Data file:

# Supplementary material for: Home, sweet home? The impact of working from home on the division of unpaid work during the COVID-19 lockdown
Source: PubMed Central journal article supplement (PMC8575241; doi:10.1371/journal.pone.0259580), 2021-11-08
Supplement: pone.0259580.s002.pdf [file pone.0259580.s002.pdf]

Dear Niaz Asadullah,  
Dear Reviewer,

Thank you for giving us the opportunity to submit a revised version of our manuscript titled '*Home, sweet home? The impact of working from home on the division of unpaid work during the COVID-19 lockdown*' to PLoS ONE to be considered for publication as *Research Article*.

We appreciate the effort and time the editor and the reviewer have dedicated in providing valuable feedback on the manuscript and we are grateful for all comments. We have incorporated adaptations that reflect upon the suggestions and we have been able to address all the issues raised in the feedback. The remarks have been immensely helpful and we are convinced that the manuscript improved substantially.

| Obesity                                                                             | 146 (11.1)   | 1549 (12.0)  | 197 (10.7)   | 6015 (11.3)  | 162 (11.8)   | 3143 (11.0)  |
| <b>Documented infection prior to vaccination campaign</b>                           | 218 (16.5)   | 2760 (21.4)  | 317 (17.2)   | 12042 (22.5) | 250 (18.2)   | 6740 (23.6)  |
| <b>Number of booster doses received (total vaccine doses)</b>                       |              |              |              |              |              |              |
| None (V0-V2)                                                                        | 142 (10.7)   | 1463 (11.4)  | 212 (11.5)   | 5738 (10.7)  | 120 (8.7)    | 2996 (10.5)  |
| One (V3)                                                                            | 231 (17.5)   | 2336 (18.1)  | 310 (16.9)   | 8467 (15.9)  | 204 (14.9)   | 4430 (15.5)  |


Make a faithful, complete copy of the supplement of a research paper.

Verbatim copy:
# Supplementary material for: Home, sweet home? The impact of working from home on the division of unpaid work during the COVID-19 lockdown
Source: PubMed Central journal article supplement (PMC8575241; doi:10.1371/journal.pone.0259580), 2021-11-08
Supplement: pone.0259580.s002.pdf [file pone.0259580.s002.pdf]

Dear Niaz Asadullah,  
Dear Reviewer,

Thank you for giving us the opportunity to submit a revised version of our manuscript titled '*Home, sweet home? The impact of working from home on the division of unpaid work during the COVID-19 lockdown*' to PLoS ONE to be considered for publication as *Research Article*.

We appreciate the effort and time the editor and the reviewer have dedicated in providing valuable feedback on the manuscript and we are grateful for all comments. We have incorporated adaptations that reflect upon the suggestions and we have been able to address all the issues raised in the feedback. The remarks have been immensely helpful and we are convinced that the manuscript improved substantially.

| Obesity                                                                             | 146 (11.1)   | 1549 (12.0)  | 197 (10.7)   | 6015 (11.3)  | 162 (11.8)   | 3143 (11.0)  |
| <b>Documented infection prior to vaccination campaign</b>                           | 218 (16.5)   | 2760 (21.4)  | 317 (17.2)   | 12042 (22.5) | 250 (18.2)   | 6740 (23.6)  |
| <b>Number of booster doses received (total vaccine doses)</b>                       |              |              |              |              |              |              |
| None (V0-V2)                                                                        | 142 (10.7)   | 1463 (11.4)  | 212 (11.5)   | 5738 (10.7)  | 120 (8.7)    | 2996 (10.5)  |
| One (V3)                                                                            | 231 (17.5)   | 2336 (18.1)  | 310 (16.9)   | 8467 (15.9)  | 204 (14.9)   | 4430 (15.5)  |